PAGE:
It’s true that the weather in Thailand can be variable in September, but if you want to do more than sit by the pool all day it can still be a good month to visit. There are distinct advantages to visiting Thailand during the rainy season with popular tourist attractions less crowded and hotels and guest-houses offering discounted rates.
Photos taken in September in Thailand. Clockwise from top: afternoon storm clouds brewing over central Bangkok, a glorious afternoon on Ko Larn (Pattaya), cyclists in front of the Grand Palace on Bangkok Car Free Day.
Thailand weather in September
If you are spending a few weeks in Thailand during September, it is almost inevitable that you will encounter heavy rain at some stage during your trip. The September downpours tend to fall in sharp bursts in the afternoon or evening and bring a welcome freshness to the humid air. Although you can expect to encounter some rainy weather, the temperature remains warm and you are likely to see plenty of sunshine and blue skies in between the showers. Naturally, there are no guarantees when it comes to the weather and it is possible that you could experience two consecutive days with rain, but over the course of a 2-week stay you should also enjoy plenty of sunshine too.
The waterfalls are more impressive during the rainy season and the surrounding countryside is particularly green and pleasant. Even if you do have prolonged periods of rain, there is still plenty to see and do in cities like Bangkok and Chiang Mai to keep you occupied.
|Average Rainfall |
Which is the best Thai island or beach resort to visit in September?
I wouldn’t necessarily rule out any particular beach or island, but taking general weather patterns into consideration in Thailand during September, there is statistically less rainfall on the Eastern seaboard or Gulf of Thailand compared to the Andaman Coast. Seas can be rough during the rainy season and September isn’t the ideal month to be island hopping. If you are planning to head to a Thai island for a week in September you may find it more relaxing to base yourself in one location rather than jump from beach to beach or island to island.
Ko Samui is a solid option for a Thai island getaway in September. I enjoy staying at Bophut Beach and although the beach itself is average by high Thai standards, it makes a good base with a number of restaurants and quiet bars in the Fisherman’s Village. This is a great place to spend a few hours if the rains do come down. It’s also easy to catch local transport out to other popular beaches such as Chaweng and Lamai. On the mainland, Hua Hin is a good choice for a seaside break within easy reach of Bangkok.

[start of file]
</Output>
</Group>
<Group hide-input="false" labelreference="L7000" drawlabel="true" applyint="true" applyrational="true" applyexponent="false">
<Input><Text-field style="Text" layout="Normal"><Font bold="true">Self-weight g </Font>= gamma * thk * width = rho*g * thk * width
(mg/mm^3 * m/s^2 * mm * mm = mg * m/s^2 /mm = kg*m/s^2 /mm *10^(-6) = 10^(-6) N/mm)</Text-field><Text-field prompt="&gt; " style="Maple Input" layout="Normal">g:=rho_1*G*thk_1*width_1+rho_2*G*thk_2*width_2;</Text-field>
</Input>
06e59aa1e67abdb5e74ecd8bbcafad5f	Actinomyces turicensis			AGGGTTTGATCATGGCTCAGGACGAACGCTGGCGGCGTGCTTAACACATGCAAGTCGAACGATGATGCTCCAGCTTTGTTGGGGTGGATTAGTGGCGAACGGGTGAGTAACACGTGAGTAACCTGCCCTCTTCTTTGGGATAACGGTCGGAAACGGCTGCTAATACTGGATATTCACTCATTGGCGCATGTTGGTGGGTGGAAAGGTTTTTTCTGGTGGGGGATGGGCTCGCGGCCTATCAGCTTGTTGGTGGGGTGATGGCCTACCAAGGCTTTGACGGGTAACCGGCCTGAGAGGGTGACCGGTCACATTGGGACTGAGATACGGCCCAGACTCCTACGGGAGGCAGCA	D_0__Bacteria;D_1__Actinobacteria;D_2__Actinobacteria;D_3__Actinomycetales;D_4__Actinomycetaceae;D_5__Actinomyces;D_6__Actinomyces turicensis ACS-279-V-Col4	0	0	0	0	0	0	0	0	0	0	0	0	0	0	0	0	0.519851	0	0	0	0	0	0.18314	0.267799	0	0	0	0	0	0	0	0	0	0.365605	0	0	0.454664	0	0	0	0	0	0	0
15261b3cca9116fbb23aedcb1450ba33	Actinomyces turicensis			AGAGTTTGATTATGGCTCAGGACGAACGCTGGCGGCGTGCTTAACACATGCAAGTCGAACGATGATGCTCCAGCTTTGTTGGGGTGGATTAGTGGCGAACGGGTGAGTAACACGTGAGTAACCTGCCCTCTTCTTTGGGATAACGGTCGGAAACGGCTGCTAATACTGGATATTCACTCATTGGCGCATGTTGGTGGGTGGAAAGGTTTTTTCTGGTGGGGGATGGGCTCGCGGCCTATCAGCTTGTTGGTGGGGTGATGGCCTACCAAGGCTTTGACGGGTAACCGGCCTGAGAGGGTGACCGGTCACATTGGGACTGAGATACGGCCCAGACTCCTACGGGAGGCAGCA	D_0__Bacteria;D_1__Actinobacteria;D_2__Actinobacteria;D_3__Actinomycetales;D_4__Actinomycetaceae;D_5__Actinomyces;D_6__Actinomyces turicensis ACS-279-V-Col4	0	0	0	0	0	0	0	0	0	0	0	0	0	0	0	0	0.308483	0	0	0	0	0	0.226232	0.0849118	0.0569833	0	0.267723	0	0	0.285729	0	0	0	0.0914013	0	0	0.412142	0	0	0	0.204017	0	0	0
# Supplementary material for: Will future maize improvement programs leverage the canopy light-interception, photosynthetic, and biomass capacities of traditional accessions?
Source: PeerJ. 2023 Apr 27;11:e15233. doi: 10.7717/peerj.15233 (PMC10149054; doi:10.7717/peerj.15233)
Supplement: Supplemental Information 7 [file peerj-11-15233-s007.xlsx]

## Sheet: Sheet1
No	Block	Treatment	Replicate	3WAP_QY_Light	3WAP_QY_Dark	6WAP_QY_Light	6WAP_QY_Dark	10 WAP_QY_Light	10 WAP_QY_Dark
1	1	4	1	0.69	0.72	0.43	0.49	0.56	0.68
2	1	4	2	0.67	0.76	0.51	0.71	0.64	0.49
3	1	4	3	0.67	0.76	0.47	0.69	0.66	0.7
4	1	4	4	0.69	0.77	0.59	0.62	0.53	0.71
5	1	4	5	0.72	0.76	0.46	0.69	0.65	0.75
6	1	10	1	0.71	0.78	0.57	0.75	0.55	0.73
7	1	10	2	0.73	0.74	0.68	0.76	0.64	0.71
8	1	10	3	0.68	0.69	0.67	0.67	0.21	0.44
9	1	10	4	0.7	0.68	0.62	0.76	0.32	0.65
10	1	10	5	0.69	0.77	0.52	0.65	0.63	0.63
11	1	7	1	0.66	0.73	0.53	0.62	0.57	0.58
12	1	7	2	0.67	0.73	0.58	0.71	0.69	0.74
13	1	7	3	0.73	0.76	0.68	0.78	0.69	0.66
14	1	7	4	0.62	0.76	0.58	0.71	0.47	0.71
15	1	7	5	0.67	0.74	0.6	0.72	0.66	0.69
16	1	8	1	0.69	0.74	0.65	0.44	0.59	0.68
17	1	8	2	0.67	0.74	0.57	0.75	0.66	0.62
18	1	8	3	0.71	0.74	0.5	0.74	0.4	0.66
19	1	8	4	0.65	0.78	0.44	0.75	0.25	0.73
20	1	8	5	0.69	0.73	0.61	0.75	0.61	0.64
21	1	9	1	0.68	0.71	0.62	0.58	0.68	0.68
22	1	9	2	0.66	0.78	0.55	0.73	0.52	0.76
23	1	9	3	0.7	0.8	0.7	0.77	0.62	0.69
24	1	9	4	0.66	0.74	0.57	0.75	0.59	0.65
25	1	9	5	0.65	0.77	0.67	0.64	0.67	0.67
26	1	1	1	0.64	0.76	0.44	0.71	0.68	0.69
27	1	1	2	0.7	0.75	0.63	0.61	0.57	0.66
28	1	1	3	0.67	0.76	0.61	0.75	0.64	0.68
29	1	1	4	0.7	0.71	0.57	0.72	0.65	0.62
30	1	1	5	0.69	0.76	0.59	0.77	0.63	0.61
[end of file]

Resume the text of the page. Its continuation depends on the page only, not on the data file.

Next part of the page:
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A few years ago, I spent time travelling around the Andaman Coast of Thailand during September and October. This coast sees a lot more rainfall compared to the Gulf of Thailand during September-October. I certainly saw plenty of rain on that trip, but it didn’t lessen my enjoyment in anyway. There were fewer tourists around compared to the high season and there were times in Ko Lanta when I had the beach virtually to myself. Further south in Trang, I did experience a couple of days of heavy rain due to a weather system sitting over the area. That was pot luck and generally speaking the rain was restricted to the afternoon or early evening downpours and I still experienced plenty of time with blue skies above.
Wherever you choose to stay take into account what else there is to do nearby if the rain does come down. One thing I would recommend during a rainy season beach vacation in Thailand is to spend a bit of extra money to ensure you have a good standard hotel. During the high season when you are spending most of your time on the beach this might not be an issue, but in the rainy season you will welcome a few extra Baht spent on a more spacious hotel room with a balcony and some creature comforts. If a downpour keeps you off the beach, you can always spend a few hours sitting on your balcony or in the comfort of your room with a good book or a cold drink. By the same token, even the smallest resort areas will have local restaurants and coffee shops that can provide respite should the weather turn bad.
- Mosquitoes can be more of a nuisance than usual during the rainy season and it’s wise to take extra precautions against being bitten.
- At some beach resorts (such as Phuket), strong currents and riptides can catch people unaware. There are fatalities every year because swimmers ignore the warning flags.
- Jellyfish can occasionally drift closer to shore during the rainy season months.